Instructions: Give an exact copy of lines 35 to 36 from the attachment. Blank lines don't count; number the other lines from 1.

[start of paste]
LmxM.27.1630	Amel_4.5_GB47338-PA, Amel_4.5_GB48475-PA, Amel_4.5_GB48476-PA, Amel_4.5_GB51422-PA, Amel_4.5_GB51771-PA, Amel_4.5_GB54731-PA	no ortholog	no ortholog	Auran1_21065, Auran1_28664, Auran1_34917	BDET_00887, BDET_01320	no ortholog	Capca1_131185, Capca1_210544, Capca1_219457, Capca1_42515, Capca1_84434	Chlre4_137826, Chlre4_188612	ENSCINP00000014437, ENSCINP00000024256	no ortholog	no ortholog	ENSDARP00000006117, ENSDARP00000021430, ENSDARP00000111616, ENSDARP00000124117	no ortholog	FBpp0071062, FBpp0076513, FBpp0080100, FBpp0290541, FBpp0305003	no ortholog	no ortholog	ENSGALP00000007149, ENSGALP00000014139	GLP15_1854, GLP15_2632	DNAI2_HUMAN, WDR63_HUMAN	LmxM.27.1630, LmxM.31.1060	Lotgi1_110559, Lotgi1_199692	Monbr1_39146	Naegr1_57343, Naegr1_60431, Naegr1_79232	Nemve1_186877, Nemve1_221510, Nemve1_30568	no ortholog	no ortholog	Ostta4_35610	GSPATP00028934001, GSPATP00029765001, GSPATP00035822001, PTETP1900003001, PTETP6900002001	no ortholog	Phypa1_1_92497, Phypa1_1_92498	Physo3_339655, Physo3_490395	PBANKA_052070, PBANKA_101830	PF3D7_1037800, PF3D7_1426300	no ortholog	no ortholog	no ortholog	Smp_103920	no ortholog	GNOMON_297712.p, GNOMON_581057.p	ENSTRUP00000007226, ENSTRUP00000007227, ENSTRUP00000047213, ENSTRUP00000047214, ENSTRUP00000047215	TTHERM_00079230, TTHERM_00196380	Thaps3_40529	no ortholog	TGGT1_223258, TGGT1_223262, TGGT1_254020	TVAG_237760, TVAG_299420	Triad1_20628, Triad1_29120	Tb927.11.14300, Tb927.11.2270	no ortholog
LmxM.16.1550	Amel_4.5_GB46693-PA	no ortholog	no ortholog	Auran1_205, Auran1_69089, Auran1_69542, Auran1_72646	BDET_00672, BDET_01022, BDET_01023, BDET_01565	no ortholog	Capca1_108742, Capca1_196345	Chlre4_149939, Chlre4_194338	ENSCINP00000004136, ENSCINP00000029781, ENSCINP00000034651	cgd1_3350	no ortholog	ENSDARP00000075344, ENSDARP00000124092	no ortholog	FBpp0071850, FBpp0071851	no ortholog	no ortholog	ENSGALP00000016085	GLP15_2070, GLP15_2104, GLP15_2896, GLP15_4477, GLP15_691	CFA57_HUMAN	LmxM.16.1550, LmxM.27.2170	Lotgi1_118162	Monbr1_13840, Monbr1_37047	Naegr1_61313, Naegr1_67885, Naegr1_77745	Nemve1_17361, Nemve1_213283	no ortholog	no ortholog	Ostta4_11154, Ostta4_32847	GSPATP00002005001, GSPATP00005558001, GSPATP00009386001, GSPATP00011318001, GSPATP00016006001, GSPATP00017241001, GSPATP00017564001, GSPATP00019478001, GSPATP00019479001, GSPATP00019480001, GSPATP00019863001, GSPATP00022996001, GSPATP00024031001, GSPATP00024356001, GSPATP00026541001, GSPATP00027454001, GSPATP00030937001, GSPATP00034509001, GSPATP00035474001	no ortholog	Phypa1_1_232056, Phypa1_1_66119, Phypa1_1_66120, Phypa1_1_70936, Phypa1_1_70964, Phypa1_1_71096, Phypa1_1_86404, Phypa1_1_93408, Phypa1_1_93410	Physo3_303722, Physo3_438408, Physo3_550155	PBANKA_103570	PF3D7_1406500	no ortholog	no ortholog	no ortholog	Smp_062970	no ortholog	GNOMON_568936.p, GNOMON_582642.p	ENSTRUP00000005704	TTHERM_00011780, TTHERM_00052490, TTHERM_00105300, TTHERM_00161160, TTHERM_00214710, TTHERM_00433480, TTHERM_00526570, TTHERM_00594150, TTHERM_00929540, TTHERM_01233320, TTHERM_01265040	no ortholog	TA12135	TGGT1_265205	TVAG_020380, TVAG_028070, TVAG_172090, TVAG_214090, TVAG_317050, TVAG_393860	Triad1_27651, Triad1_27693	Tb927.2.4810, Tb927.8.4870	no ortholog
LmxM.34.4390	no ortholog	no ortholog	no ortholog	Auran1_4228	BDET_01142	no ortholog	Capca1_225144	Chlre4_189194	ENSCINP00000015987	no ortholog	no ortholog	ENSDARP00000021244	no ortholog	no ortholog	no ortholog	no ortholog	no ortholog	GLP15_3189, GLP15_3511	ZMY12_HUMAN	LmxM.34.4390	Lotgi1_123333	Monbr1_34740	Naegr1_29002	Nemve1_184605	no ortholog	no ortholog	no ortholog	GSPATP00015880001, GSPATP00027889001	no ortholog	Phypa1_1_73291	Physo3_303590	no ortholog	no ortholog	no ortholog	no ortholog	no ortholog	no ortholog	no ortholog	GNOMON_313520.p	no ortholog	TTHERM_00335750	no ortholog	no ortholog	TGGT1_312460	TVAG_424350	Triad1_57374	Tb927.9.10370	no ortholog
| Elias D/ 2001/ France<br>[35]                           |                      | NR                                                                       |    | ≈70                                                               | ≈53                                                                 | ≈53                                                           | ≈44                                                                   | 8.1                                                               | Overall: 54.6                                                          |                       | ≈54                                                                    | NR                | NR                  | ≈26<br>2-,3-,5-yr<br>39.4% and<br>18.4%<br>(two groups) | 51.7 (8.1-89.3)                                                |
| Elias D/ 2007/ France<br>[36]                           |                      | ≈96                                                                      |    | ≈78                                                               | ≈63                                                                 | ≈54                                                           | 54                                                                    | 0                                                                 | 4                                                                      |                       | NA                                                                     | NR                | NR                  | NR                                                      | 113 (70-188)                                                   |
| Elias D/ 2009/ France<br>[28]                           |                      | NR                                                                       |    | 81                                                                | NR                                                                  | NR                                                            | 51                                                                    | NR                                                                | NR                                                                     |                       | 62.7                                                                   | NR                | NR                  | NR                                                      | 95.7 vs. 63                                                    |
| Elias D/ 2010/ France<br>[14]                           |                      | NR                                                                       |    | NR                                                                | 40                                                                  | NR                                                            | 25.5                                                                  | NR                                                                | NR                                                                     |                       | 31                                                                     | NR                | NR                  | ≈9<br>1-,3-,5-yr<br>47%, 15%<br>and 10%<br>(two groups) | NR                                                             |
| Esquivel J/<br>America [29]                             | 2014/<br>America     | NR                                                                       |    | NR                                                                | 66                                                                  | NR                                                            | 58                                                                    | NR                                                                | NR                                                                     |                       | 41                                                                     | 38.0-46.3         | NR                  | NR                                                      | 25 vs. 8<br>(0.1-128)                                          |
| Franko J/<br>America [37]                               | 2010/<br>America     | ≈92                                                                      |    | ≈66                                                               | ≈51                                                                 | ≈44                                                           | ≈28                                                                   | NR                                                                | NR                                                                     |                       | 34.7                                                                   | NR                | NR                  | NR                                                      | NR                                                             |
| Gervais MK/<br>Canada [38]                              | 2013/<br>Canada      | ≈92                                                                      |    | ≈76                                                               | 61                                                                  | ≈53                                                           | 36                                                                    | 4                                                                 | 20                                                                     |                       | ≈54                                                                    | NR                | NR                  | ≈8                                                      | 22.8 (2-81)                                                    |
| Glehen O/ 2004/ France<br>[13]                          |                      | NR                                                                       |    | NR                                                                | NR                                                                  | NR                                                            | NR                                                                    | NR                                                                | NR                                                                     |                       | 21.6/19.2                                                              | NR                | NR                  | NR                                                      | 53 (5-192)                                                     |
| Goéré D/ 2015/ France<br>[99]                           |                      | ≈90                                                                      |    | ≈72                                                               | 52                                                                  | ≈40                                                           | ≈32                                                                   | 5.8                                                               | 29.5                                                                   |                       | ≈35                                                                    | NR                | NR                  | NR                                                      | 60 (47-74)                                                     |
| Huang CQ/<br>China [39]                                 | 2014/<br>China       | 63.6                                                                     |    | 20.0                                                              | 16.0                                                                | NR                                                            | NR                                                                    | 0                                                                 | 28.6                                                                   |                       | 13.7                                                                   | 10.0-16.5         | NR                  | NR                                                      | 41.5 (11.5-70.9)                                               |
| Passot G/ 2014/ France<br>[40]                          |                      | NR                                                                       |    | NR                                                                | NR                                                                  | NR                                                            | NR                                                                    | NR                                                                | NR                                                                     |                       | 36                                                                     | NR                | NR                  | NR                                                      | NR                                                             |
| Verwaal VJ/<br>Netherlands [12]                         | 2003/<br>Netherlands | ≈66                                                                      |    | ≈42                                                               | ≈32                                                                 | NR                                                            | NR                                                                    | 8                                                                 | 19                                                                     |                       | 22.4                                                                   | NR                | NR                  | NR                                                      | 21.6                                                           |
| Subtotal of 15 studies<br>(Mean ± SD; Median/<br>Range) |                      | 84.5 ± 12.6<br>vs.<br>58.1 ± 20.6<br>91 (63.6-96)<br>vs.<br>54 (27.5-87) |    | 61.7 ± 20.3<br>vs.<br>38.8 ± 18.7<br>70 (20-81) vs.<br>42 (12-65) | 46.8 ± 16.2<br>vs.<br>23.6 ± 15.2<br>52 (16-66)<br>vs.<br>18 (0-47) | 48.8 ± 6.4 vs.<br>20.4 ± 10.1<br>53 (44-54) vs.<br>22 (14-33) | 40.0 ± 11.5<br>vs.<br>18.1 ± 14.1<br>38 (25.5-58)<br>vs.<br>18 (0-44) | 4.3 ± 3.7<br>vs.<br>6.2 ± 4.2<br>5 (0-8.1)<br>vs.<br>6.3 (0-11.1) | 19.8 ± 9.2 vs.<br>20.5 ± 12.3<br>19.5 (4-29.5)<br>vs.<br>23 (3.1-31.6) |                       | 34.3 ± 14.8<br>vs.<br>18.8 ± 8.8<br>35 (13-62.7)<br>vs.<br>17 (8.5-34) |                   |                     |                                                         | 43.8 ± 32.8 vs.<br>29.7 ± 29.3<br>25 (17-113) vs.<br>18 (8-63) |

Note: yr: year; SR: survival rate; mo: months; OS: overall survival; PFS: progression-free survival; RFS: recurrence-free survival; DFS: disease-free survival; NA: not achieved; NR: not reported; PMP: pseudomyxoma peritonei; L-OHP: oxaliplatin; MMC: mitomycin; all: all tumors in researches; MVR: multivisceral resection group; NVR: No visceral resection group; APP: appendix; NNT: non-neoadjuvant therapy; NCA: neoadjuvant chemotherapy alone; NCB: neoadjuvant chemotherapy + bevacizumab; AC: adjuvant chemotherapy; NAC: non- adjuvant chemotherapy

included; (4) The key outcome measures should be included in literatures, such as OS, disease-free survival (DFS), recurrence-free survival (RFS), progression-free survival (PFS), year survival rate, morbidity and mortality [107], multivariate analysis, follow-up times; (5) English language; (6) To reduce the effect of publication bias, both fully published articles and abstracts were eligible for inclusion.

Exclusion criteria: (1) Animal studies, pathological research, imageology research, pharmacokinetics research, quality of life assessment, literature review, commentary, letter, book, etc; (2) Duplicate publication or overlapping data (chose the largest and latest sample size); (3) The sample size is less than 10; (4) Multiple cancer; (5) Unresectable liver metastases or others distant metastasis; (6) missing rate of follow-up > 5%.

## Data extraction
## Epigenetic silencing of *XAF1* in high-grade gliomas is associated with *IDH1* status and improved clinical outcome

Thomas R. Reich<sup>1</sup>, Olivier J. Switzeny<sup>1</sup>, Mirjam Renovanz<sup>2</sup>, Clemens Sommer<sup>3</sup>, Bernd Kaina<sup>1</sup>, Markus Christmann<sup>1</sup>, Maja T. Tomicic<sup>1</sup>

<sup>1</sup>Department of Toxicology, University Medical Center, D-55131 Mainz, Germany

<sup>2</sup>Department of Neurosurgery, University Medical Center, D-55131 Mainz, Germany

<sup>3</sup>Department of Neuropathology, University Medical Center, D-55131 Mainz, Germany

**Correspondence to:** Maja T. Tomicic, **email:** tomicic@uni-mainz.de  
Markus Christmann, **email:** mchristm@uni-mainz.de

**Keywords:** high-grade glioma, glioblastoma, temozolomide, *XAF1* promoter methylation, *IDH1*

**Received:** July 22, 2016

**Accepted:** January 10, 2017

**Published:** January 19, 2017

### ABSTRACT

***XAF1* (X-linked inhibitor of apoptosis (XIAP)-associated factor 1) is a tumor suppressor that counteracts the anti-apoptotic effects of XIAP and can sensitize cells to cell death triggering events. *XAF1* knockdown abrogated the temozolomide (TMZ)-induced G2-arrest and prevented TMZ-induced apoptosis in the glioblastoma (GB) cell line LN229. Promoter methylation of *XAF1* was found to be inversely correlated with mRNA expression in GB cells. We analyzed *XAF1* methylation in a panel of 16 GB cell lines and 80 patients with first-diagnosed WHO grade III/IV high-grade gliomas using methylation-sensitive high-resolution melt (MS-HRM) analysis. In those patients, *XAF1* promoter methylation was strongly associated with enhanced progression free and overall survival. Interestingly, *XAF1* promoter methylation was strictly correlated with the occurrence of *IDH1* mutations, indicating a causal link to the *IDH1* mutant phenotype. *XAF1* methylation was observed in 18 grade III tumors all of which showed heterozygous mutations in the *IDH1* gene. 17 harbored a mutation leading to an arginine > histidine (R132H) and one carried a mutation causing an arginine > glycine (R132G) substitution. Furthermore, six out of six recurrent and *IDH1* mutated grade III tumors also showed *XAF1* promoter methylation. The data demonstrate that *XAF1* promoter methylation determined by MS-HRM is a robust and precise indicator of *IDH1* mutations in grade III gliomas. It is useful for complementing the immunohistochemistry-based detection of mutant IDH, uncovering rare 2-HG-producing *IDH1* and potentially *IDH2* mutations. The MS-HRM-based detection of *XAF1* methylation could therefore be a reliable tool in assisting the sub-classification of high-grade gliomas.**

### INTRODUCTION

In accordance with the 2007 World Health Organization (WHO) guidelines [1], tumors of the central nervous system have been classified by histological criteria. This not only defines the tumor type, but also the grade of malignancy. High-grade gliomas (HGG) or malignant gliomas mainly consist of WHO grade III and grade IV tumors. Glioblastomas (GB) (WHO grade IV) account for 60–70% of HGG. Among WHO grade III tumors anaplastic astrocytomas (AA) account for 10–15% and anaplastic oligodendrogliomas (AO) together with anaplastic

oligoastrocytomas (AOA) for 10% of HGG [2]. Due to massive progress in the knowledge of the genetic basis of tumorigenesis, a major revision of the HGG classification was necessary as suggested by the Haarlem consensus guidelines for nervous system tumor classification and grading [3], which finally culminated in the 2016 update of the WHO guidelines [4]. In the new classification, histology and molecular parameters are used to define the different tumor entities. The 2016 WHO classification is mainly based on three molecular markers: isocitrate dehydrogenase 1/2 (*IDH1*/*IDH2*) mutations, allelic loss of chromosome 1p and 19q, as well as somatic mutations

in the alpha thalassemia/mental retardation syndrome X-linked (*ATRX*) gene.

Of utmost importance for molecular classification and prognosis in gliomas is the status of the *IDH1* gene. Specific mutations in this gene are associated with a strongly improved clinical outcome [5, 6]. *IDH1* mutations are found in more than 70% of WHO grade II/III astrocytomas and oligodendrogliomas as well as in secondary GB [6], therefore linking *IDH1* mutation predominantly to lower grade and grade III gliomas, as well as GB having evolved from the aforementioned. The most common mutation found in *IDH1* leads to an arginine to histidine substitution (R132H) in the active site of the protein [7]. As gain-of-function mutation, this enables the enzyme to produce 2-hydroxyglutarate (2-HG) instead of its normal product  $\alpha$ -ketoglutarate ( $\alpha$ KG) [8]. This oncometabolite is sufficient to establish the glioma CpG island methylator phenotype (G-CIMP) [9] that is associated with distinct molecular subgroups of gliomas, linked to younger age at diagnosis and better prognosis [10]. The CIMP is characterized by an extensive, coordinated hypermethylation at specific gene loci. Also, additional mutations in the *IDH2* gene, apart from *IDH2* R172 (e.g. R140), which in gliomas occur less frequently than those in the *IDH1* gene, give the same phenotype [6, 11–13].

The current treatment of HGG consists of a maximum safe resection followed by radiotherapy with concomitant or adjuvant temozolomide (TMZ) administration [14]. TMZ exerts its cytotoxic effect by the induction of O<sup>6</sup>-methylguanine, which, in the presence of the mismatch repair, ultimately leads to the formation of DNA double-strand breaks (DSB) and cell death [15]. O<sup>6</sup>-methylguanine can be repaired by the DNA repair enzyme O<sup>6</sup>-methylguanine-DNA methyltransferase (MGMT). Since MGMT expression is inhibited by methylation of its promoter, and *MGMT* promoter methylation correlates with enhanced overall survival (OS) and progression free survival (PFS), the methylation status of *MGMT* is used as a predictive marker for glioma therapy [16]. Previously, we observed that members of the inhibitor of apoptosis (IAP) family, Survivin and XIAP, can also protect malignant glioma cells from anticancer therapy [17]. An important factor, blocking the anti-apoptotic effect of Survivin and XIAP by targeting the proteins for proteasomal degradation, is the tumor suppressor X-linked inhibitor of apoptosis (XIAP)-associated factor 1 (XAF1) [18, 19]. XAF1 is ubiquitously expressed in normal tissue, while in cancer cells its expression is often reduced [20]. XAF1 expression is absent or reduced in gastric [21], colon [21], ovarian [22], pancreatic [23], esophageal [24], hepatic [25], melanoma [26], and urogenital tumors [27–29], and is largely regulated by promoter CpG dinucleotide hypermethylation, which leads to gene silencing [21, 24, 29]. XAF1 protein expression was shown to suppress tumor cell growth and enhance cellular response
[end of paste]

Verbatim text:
In accordance with the 2007 World Health Organization (WHO) guidelines [1], tumors of the central nervous system have been classified by histological criteria. This not only defines the tumor type, but also the grade of malignancy. High-grade gliomas (HGG) or malignant gliomas mainly consist of WHO grade III and grade IV tumors. Glioblastomas (GB) (WHO grade IV) account for 60–70% of HGG. Among WHO grade III tumors anaplastic astrocytomas (AA) account for 10–15% and anaplastic oligodendrogliomas (AO) together with anaplastic

oligoastrocytomas (AOA) for 10% of HGG [2]. Due to massive progress in the knowledge of the genetic basis of tumorigenesis, a major revision of the HGG classification was necessary as suggested by the Haarlem consensus guidelines for nervous system tumor classification and grading [3], which finally culminated in the 2016 update of the WHO guidelines [4]. In the new classification, histology and molecular parameters are used to define the different tumor entities. The 2016 WHO classification is mainly based on three molecular markers: isocitrate dehydrogenase 1/2 (*IDH1*/*IDH2*) mutations, allelic loss of chromosome 1p and 19q, as well as somatic mutations